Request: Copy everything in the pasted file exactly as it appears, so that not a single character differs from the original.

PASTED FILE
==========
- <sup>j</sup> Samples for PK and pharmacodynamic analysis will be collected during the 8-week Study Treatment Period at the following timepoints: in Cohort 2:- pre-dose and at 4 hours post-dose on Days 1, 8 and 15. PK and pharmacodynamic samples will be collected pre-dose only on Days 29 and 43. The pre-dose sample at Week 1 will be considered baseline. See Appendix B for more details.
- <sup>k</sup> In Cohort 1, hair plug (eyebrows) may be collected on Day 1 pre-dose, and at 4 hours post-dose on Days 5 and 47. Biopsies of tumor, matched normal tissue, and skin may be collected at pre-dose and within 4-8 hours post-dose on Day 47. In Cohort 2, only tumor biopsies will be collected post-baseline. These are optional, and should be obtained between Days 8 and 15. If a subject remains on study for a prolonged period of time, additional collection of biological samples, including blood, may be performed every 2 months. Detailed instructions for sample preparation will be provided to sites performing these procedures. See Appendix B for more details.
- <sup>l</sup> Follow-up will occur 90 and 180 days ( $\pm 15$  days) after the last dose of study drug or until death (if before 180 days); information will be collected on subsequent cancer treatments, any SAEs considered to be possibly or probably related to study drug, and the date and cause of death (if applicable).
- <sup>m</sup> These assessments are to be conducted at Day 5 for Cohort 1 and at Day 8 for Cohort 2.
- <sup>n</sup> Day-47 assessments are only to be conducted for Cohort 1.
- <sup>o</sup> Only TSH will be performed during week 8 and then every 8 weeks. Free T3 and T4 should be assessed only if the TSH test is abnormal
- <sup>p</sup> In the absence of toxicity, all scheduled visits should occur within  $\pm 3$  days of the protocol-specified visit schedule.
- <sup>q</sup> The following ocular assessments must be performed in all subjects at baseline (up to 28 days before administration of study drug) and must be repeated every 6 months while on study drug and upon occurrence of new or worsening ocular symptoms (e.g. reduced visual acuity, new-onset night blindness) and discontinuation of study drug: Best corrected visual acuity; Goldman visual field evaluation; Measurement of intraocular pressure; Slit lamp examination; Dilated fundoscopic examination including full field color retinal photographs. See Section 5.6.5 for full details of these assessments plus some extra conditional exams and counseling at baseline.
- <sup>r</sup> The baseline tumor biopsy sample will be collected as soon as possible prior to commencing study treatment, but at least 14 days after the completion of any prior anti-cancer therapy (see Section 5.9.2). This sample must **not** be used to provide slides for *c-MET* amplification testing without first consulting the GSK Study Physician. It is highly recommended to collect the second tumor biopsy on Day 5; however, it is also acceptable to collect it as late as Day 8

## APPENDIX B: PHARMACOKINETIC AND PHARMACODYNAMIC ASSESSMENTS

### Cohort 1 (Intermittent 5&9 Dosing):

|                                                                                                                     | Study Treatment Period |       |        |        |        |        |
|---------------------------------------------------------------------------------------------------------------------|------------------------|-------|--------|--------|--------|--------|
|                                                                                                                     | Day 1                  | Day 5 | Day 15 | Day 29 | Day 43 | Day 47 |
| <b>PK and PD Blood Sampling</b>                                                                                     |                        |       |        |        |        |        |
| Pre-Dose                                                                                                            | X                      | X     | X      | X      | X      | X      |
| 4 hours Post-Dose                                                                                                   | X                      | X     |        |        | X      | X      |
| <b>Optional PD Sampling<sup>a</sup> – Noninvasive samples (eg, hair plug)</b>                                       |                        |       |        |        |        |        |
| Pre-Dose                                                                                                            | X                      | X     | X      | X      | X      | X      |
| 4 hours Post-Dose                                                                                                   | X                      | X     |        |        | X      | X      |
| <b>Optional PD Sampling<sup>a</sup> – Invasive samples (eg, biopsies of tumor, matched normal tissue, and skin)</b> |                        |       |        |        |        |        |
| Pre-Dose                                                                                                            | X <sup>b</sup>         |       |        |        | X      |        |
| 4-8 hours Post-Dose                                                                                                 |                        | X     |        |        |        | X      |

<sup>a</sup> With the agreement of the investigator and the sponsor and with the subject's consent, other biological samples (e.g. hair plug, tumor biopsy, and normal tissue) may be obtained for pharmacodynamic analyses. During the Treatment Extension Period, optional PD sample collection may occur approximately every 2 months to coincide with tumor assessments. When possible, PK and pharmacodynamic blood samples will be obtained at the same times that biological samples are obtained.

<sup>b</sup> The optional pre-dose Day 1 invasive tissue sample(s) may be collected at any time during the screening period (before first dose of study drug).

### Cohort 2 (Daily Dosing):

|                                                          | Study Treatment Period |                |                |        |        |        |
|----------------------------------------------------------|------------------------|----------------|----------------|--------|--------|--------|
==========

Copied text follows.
- <sup>j</sup> Samples for PK and pharmacodynamic analysis will be collected during the 8-week Study Treatment Period at the following timepoints: in Cohort 2:- pre-dose and at 4 hours post-dose on Days 1, 8 and 15. PK and pharmacodynamic samples will be collected pre-dose only on Days 29 and 43. The pre-dose sample at Week 1 will be considered baseline. See Appendix B for more details.
- <sup>k</sup> In Cohort 1, hair plug (eyebrows) may be collected on Day 1 pre-dose, and at 4 hours post-dose on Days 5 and 47. Biopsies of tumor, matched normal tissue, and skin may be collected at pre-dose and within 4-8 hours post-dose on Day 47. In Cohort 2, only tumor biopsies will be collected post-baseline. These are optional, and should be obtained between Days 8 and 15. If a subject remains on study for a prolonged period of time, additional collection of biological samples, including blood, may be performed every 2 months. Detailed instructions for sample preparation will be provided to sites performing these procedures. See Appendix B for more details.
- <sup>l</sup> Follow-up will occur 90 and 180 days ( $\pm 15$  days) after the last dose of study drug or until death (if before 180 days); information will be collected on subsequent cancer treatments, any SAEs considered to be possibly or probably related to study drug, and the date and cause of death (if applicable).
- <sup>m</sup> These assessments are to be conducted at Day 5 for Cohort 1 and at Day 8 for Cohort 2.
- <sup>n</sup> Day-47 assessments are only to be conducted for Cohort 1.
- <sup>o</sup> Only TSH will be performed during week 8 and then every 8 weeks. Free T3 and T4 should be assessed only if the TSH test is abnormal
- <sup>p</sup> In the absence of toxicity, all scheduled visits should occur within  $\pm 3$  days of the protocol-specified visit schedule.
- <sup>q</sup> The following ocular assessments must be performed in all subjects at baseline (up to 28 days before administration of study drug) and must be repeated every 6 months while on study drug and upon occurrence of new or worsening ocular symptoms (e.g. reduced visual acuity, new-onset night blindness) and discontinuation of study drug: Best corrected visual acuity; Goldman visual field evaluation; Measurement of intraocular pressure; Slit lamp examination; Dilated fundoscopic examination including full field color retinal photographs. See Section 5.6.5 for full details of these assessments plus some extra conditional exams and counseling at baseline.
- <sup>r</sup> The baseline tumor biopsy sample will be collected as soon as possible prior to commencing study treatment, but at least 14 days after the completion of any prior anti-cancer therapy (see Section 5.9.2). This sample must **not** be used to provide slides for *c-MET* amplification testing without first consulting the GSK Study Physician. It is highly recommended to collect the second tumor biopsy on Day 5; however, it is also acceptable to collect it as late as Day 8

## APPENDIX B: PHARMACOKINETIC AND PHARMACODYNAMIC ASSESSMENTS

### Cohort 1 (Intermittent 5&9 Dosing):

|                                                                                                                     | Study Treatment Period |       |        |        |        |        |
|---------------------------------------------------------------------------------------------------------------------|------------------------|-------|--------|--------|--------|--------|
|                                                                                                                     | Day 1                  | Day 5 | Day 15 | Day 29 | Day 43 | Day 47 |
| <b>PK and PD Blood Sampling</b>                                                                                     |                        |       |        |        |        |        |
| Pre-Dose                                                                                                            | X                      | X     | X      | X      | X      | X      |
| 4 hours Post-Dose                                                                                                   | X                      | X     |        |        | X      | X      |
| <b>Optional PD Sampling<sup>a</sup> – Noninvasive samples (eg, hair plug)</b>                                       |                        |       |        |        |        |        |
| Pre-Dose                                                                                                            | X                      | X     | X      | X      | X      | X      |
| 4 hours Post-Dose                                                                                                   | X                      | X     |        |        | X      | X      |
| <b>Optional PD Sampling<sup>a</sup> – Invasive samples (eg, biopsies of tumor, matched normal tissue, and skin)</b> |                        |       |        |        |        |        |
| Pre-Dose                                                                                                            | X <sup>b</sup>         |       |        |        | X      |        |
| 4-8 hours Post-Dose                                                                                                 |                        | X     |        |        |        | X      |

<sup>a</sup> With the agreement of the investigator and the sponsor and with the subject's consent, other biological samples (e.g. hair plug, tumor biopsy, and normal tissue) may be obtained for pharmacodynamic analyses. During the Treatment Extension Period, optional PD sample collection may occur approximately every 2 months to coincide with tumor assessments. When possible, PK and pharmacodynamic blood samples will be obtained at the same times that biological samples are obtained.

<sup>b</sup> The optional pre-dose Day 1 invasive tissue sample(s) may be collected at any time during the screening period (before first dose of study drug).

### Cohort 2 (Daily Dosing):

|                                                          | Study Treatment Period |                |                |        |        |        |
|----------------------------------------------------------|------------------------|----------------|----------------|--------|--------|--------|